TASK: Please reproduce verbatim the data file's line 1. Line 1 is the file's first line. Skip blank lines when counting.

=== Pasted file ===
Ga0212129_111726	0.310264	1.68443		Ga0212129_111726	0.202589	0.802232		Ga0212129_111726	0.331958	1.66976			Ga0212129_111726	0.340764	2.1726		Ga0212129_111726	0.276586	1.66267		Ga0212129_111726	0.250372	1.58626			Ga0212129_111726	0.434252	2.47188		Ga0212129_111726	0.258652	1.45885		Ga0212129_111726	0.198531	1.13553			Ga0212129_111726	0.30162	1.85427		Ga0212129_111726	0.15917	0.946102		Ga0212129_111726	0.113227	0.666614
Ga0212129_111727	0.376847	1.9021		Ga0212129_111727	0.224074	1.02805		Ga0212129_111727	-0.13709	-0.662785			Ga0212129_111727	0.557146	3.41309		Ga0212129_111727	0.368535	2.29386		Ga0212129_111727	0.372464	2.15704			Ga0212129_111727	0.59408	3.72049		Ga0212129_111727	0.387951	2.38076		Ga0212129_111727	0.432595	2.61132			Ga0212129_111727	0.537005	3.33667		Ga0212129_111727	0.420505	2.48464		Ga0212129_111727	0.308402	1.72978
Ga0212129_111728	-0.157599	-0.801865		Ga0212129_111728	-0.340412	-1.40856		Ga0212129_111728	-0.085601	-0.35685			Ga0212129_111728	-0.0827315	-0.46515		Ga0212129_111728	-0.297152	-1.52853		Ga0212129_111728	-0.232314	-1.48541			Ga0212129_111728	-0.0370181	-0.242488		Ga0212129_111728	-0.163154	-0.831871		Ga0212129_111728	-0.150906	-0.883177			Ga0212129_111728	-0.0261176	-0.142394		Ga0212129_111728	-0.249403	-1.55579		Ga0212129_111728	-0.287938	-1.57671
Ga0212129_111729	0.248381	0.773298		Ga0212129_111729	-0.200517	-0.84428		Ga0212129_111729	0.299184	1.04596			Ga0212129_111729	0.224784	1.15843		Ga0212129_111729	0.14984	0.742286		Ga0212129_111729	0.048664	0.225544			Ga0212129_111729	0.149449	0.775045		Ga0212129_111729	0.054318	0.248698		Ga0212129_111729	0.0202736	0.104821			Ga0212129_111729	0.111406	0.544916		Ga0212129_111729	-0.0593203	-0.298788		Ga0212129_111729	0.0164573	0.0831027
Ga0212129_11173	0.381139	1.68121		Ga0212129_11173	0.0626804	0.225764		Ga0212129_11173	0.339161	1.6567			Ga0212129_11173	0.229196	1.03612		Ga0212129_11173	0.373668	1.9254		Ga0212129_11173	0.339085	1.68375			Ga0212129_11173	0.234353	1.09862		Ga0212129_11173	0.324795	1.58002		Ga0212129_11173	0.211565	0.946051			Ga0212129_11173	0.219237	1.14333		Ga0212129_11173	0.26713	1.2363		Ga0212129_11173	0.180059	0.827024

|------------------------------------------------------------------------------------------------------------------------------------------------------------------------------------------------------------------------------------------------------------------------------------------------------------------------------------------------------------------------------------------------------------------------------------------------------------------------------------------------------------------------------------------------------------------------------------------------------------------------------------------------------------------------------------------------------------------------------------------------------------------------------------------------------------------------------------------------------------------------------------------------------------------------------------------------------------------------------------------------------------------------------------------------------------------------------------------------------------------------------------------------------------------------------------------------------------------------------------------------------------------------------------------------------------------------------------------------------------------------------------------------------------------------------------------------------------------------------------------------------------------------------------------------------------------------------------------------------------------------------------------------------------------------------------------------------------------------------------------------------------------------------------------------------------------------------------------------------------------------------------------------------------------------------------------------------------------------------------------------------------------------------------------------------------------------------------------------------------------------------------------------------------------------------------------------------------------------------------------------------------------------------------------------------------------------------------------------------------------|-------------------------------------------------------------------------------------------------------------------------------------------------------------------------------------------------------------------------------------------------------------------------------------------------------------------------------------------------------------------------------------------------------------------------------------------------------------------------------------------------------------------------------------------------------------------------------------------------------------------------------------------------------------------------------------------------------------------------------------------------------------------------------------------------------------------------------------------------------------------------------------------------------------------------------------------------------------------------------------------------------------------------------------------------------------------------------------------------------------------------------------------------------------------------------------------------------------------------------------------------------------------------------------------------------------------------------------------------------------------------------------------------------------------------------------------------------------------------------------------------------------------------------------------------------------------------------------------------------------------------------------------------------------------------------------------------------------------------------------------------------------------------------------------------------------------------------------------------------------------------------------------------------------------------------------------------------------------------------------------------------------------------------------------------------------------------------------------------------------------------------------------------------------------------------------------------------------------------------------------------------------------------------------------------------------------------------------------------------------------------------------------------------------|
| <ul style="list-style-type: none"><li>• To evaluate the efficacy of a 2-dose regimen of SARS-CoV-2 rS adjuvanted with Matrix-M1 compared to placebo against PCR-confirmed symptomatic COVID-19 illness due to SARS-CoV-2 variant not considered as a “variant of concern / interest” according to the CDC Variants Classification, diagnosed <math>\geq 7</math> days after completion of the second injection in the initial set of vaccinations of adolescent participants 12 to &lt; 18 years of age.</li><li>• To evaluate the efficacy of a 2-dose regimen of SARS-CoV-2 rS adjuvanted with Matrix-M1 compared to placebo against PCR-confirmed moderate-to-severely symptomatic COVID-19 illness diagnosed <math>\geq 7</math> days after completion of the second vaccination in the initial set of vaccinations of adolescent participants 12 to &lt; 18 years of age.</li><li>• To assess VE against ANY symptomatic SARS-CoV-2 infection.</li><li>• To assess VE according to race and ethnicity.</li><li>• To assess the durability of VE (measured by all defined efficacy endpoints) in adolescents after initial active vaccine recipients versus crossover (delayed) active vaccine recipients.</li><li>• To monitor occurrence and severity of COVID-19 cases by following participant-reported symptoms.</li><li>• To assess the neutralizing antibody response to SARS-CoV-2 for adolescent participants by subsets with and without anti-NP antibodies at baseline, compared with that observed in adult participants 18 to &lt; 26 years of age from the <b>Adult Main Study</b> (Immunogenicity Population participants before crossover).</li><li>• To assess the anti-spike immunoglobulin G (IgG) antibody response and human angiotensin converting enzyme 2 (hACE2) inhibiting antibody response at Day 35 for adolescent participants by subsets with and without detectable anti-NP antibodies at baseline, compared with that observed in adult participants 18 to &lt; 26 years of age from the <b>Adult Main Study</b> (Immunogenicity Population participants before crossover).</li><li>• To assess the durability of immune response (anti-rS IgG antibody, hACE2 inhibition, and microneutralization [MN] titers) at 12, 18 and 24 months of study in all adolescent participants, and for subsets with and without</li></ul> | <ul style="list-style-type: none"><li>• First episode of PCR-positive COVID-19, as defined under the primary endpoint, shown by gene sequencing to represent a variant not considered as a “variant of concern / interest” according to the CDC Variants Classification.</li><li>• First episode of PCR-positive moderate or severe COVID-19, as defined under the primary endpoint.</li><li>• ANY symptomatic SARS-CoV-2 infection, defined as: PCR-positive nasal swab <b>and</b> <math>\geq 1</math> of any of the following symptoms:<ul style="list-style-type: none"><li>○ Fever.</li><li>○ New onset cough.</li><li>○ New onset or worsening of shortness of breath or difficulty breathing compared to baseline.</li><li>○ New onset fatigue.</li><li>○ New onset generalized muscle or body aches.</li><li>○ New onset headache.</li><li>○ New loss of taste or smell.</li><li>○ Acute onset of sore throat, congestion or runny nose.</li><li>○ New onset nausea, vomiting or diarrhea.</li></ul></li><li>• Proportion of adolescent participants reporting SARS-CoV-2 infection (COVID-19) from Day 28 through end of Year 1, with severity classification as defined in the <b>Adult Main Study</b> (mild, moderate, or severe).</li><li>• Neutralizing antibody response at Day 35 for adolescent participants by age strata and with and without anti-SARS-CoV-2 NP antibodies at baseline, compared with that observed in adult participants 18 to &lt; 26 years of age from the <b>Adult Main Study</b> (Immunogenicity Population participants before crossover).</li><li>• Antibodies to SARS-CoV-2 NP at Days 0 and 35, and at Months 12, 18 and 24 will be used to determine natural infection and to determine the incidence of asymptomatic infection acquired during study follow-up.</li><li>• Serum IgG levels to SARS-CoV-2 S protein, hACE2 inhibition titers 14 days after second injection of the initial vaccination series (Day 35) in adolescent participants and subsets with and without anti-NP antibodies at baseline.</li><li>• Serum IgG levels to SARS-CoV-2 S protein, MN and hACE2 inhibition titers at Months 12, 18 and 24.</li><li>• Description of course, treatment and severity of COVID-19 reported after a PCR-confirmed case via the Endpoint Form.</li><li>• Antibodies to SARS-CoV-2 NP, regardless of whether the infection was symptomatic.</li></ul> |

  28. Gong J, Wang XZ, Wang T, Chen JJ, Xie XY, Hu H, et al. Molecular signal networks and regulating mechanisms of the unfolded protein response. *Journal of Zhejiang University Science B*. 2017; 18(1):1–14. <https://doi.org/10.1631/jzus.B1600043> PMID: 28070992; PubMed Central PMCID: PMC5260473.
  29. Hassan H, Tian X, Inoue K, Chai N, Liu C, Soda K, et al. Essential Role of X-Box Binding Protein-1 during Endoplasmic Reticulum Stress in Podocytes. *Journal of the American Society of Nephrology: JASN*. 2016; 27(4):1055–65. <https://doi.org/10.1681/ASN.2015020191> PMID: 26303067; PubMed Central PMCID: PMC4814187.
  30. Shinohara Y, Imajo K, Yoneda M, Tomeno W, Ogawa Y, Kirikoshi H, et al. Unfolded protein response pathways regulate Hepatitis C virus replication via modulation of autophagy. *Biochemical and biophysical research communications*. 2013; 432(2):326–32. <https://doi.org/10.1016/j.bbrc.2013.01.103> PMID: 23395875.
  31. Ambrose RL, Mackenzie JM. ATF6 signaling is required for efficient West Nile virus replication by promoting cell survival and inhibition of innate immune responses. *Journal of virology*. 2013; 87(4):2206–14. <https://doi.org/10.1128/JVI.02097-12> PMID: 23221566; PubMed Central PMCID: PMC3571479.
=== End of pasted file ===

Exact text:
Ga0212129_111726	0.310264	1.68443		Ga0212129_111726	0.202589	0.802232		Ga0212129_111726	0.331958	1.66976			Ga0212129_111726	0.340764	2.1726		Ga0212129_111726	0.276586	1.66267		Ga0212129_111726	0.250372	1.58626			Ga0212129_111726	0.434252	2.47188		Ga0212129_111726	0.258652	1.45885		Ga0212129_111726	0.198531	1.13553			Ga0212129_111726	0.30162	1.85427		Ga0212129_111726	0.15917	0.946102		Ga0212129_111726	0.113227	0.666614